When I opened my book last week, I was definitely not expecting to read something pertaining to the small area in which I moreover grew up in. I was raised in Georgia, then spent six and a half years in Bilbao, Spain, and since 4th grade have lived in Westchester County, NY (Yonkers is in Westchester County, and I was surprised to be reading about it in our book!). I have to admit it, Spain is beautiful, and thinking about the way the cities there were planned and designed makes me realize it was physically extremely different from cities here in the US.
The area of Bilbao that I frequented was very comfortable and not extremely busy. There were not a lot of large, high volume roads, there were apartment complexes, small homes, and mom and pop stores throughout the city (not to mention the endless amount of delicious and irresistible bakeries and candy stores my parents had to constantly pull me out of). There was lots of parks and open green space as well. However, Bilbao in general has experienced heavy industrialization, making in the second-most industrialized region of Spain (behind Barcelona). This caused an increase in population, and today Bilbao is a thriving service city that is experiencing continuous social, economic, and aesthetic revitalizations, prompted by the iconic Bilbao Guggenheim Museum. This evolution has also continued through various infrastructure investments, such as the airport terminal, the rapid transit system, and the tram line, all which I’ve experienced during my time there.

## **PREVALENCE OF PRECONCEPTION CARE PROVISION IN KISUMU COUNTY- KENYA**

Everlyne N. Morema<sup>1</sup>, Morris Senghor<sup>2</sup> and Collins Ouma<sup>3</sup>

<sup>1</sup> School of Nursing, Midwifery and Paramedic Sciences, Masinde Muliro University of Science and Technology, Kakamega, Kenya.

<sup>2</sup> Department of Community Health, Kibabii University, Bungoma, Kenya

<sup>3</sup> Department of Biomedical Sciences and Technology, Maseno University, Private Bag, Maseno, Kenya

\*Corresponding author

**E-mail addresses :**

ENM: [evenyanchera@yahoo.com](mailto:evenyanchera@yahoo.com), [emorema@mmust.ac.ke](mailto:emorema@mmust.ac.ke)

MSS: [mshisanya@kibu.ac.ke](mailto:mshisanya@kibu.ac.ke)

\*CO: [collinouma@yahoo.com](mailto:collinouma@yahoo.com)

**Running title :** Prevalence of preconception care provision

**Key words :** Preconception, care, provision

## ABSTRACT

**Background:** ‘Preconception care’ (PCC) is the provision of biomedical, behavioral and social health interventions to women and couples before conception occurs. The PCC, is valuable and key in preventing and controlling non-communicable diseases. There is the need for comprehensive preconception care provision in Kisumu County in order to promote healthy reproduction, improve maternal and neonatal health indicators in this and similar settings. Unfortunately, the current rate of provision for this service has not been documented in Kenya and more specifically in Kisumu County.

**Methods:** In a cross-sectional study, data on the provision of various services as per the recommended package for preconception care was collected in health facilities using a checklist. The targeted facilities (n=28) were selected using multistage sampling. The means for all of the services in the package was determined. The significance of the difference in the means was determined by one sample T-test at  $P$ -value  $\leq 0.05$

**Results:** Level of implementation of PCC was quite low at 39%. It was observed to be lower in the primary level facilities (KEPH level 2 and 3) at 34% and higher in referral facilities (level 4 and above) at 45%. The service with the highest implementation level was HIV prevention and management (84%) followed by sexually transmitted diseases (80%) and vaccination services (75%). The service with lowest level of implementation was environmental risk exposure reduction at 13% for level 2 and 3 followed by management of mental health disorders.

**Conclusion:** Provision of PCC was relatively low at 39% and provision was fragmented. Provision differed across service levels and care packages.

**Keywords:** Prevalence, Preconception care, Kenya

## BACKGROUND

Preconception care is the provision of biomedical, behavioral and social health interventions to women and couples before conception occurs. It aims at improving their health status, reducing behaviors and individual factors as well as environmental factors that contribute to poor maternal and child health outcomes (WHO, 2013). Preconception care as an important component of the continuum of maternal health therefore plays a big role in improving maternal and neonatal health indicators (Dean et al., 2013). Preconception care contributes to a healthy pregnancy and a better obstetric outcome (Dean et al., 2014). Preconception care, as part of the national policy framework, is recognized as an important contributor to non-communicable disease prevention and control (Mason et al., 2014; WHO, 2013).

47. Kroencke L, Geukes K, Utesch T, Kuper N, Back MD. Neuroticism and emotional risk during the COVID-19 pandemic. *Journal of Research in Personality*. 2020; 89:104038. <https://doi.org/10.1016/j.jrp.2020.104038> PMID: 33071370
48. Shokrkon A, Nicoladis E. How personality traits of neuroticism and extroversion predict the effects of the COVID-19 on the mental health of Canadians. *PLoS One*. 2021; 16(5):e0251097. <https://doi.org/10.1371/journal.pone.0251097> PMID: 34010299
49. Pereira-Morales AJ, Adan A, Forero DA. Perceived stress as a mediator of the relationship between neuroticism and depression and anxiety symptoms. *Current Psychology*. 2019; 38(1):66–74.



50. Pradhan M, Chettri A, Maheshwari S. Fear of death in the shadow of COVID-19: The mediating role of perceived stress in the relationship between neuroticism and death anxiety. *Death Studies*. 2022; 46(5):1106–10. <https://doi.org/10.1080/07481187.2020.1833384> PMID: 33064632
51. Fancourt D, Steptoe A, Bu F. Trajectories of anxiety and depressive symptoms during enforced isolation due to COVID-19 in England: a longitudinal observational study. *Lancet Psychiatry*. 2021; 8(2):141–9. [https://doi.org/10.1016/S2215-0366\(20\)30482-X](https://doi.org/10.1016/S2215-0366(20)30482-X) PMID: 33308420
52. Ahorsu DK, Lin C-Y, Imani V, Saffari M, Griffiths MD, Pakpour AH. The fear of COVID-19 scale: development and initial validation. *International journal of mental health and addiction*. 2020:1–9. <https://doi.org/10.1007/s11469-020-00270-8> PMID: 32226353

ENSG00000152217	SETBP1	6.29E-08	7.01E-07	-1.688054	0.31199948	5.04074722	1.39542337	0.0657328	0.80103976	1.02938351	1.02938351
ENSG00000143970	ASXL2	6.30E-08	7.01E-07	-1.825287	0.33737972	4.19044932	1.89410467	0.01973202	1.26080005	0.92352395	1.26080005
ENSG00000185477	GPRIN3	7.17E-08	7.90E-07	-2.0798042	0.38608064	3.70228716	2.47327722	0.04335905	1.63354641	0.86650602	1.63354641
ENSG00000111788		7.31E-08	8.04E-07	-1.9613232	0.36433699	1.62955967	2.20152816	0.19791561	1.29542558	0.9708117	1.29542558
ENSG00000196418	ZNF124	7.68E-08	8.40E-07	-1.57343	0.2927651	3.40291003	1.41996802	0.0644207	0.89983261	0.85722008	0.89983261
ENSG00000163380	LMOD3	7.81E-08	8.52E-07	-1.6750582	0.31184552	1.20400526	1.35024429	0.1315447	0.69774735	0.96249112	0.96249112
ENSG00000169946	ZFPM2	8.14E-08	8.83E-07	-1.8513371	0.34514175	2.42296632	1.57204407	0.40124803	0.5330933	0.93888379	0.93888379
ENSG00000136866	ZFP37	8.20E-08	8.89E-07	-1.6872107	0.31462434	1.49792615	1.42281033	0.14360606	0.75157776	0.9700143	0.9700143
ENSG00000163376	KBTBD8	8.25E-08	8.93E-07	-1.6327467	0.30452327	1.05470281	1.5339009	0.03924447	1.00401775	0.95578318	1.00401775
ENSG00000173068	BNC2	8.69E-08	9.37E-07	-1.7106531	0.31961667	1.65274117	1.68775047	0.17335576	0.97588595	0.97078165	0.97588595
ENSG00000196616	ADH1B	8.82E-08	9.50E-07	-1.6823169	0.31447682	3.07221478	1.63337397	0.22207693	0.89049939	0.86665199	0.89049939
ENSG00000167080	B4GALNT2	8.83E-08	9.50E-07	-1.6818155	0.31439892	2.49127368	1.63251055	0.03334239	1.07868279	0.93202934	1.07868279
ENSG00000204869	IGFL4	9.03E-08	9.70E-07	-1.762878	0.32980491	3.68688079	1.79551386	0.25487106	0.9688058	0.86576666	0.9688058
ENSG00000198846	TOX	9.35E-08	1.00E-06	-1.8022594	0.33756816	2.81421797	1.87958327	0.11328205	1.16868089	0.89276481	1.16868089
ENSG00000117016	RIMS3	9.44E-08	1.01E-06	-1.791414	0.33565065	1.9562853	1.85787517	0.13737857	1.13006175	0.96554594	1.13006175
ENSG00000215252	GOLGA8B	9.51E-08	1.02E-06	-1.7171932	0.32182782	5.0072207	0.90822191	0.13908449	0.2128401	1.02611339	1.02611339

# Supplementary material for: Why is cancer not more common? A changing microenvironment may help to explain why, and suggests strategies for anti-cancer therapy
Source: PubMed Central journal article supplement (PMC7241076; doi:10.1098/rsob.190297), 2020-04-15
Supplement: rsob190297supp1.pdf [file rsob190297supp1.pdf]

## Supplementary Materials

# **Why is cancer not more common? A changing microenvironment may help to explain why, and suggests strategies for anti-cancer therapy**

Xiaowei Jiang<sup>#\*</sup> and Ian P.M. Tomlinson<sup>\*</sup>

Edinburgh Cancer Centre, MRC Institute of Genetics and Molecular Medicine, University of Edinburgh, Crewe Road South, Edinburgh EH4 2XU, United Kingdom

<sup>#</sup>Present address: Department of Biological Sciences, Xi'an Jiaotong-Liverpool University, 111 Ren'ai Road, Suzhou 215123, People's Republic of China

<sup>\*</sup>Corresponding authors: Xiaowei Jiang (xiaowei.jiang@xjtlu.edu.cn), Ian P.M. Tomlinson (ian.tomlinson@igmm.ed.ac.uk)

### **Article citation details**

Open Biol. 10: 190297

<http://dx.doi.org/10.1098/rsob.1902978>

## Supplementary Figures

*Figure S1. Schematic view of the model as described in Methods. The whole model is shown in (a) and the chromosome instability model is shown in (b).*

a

Reading up on Bilbao and discovering its service city classification, I was intrigued to find out exactly what a service city was. We had recently defined an edge city as one that, for example, “has more jobs than bedrooms”. The general and most basic definition for a service city is one that focuses on the production of services instead of end products.Anyways, from there my mother, sister, and I moved to Eastchester, NY into my grandmothers old Victorian style home. Eastchester is right next to Scarsdale, a village where the people posses incredible amounts of wealth. Eastchester is pretty well off too, and just by looking at most of the homes in both towns you can see this to be true.
Eastchester resides in Westchester County, just as Yonkers does, and again I was SO surprised to be reading about it last week. Going back to the housing topic, my town is for the most part homes, and for the most part middle aged, married white men and women. Besides homes theres also a handful of apartment complexs, businesses, restaurant, shopping, and main roads running throughout our town. Its not 100% homes, but a very good and appropriate mix of the things I just listed. It seems to me that Eastchester is centered around the main road that cuts straight through our town, Route 22/White Plains Road. Two lanes each way, stores and homes at varying stretches of it.
I would like to assume that Eastchester has developed and evolved socially and economically largely in part due to this main road running right through the town itself. Was it planned that way? Not sure, because the road was built decades ago, but indeed it had to have been a huge factor of the towns evolution. Route 22 (the portion of it that I see most often) has been, still is, and will continue to be a vital roadway that will influence the economy of Westchester for years to come.